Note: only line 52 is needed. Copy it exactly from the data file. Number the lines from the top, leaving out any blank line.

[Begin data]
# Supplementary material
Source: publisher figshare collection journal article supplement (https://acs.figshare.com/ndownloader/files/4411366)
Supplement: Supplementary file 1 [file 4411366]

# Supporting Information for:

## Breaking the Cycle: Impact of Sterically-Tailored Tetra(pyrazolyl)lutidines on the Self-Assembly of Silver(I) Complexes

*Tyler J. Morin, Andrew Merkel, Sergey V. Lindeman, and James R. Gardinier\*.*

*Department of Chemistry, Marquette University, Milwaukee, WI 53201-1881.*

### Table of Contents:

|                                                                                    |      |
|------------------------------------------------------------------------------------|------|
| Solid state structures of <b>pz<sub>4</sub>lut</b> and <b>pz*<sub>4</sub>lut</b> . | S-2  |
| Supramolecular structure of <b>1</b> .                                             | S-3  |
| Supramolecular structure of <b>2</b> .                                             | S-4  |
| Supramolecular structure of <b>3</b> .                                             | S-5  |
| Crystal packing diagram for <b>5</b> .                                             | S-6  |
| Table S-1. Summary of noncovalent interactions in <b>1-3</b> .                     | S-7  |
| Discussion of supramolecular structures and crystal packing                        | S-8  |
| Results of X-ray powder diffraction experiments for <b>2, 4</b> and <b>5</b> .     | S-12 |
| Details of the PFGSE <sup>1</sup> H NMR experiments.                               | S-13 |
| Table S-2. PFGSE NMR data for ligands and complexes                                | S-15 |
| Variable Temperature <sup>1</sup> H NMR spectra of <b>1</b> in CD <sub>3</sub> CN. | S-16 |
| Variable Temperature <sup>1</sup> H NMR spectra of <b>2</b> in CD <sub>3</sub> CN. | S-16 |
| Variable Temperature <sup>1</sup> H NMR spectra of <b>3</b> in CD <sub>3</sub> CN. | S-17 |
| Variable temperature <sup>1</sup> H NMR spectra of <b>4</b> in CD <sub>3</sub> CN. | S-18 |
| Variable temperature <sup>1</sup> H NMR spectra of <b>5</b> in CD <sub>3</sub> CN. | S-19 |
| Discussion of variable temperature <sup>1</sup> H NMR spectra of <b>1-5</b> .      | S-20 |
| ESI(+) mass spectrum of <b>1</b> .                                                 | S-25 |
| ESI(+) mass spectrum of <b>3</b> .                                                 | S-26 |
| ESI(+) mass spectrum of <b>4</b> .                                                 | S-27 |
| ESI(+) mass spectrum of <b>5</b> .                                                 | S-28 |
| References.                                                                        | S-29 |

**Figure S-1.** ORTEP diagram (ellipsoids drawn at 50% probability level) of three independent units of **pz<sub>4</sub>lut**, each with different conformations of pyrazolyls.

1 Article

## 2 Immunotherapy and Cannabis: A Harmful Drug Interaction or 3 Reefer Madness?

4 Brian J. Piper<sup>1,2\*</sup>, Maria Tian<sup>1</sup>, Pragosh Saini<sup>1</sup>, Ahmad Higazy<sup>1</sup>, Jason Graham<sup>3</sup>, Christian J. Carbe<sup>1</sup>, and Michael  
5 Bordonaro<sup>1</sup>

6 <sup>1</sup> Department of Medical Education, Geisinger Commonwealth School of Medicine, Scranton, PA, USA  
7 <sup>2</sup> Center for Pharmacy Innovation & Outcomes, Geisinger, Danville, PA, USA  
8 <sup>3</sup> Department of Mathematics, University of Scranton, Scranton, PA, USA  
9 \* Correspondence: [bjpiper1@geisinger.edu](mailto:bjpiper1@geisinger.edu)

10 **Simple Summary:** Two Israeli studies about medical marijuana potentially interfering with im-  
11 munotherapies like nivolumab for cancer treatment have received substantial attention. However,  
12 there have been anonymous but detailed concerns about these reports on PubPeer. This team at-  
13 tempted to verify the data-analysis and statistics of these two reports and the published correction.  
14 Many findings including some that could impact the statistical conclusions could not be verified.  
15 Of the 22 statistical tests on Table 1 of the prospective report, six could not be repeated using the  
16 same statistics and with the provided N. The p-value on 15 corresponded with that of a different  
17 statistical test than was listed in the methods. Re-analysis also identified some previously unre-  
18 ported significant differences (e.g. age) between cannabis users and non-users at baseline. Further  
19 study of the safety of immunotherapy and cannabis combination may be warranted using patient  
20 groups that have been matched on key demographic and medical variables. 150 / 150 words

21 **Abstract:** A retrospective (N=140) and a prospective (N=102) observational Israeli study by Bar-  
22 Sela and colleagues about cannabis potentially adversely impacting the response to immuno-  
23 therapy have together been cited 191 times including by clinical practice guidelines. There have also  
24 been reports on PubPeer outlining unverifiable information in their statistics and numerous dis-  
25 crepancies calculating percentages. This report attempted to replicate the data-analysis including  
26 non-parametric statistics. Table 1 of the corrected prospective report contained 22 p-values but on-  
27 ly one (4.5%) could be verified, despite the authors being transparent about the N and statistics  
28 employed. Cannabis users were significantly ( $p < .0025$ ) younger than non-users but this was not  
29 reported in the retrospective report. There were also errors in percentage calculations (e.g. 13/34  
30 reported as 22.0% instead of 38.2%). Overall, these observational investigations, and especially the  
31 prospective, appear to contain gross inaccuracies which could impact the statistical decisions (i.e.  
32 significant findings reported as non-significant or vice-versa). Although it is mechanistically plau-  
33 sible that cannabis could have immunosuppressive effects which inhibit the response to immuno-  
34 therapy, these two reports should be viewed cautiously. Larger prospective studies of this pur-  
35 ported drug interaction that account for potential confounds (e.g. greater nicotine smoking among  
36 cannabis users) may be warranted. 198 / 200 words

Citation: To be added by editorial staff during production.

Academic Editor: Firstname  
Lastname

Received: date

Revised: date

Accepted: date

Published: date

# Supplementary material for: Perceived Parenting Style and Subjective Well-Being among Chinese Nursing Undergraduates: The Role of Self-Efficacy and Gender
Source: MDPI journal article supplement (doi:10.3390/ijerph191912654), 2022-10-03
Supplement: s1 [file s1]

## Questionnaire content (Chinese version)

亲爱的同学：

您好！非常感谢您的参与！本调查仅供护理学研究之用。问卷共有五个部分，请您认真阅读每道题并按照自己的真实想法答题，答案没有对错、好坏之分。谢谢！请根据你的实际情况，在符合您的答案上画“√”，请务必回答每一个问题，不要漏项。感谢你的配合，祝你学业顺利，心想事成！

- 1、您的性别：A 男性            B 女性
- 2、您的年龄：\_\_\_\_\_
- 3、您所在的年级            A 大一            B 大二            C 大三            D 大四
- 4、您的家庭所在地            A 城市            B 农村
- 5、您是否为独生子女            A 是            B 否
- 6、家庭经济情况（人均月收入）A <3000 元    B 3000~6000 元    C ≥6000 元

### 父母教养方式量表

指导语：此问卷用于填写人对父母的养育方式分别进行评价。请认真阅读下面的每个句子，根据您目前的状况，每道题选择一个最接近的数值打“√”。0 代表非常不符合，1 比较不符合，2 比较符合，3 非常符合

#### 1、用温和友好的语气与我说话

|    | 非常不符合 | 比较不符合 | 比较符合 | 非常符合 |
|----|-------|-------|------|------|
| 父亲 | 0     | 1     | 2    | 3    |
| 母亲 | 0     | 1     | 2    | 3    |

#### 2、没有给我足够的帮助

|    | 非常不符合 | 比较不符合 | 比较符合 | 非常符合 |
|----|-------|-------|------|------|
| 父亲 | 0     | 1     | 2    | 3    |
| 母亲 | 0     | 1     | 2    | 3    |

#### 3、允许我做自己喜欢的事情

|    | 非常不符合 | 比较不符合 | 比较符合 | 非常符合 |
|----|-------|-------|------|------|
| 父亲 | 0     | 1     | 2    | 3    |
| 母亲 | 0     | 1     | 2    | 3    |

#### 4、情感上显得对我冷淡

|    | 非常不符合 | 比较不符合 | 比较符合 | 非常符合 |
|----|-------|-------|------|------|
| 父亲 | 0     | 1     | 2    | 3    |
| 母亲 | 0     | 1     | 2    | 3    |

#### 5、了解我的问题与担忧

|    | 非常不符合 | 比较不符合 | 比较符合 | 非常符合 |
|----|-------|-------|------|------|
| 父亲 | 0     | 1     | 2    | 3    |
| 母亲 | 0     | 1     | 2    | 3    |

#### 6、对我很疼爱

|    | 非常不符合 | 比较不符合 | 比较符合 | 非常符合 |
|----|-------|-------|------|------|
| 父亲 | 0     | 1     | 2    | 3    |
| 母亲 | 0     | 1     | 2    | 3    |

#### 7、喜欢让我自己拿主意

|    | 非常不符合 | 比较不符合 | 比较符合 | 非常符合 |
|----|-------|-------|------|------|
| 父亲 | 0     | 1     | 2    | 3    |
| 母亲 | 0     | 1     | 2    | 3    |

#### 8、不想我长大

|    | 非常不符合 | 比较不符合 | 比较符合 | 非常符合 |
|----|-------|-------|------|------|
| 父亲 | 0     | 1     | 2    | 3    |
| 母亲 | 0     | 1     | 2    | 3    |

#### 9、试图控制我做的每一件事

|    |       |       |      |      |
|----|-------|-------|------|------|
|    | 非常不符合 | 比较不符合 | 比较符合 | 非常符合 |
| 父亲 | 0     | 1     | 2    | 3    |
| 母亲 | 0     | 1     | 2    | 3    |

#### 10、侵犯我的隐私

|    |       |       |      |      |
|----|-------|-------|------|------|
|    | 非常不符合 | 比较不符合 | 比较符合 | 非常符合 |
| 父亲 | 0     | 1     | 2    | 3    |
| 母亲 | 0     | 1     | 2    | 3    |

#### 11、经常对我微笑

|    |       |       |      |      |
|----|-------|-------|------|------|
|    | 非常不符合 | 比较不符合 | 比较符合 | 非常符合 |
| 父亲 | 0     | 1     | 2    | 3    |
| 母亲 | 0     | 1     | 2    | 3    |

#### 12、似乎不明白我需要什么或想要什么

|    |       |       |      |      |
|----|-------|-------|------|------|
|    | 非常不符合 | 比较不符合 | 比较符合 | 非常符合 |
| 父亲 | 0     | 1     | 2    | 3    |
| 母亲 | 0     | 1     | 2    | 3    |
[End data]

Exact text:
21 **Abstract:** A retrospective (N=140) and a prospective (N=102) observational Israeli study by Bar-  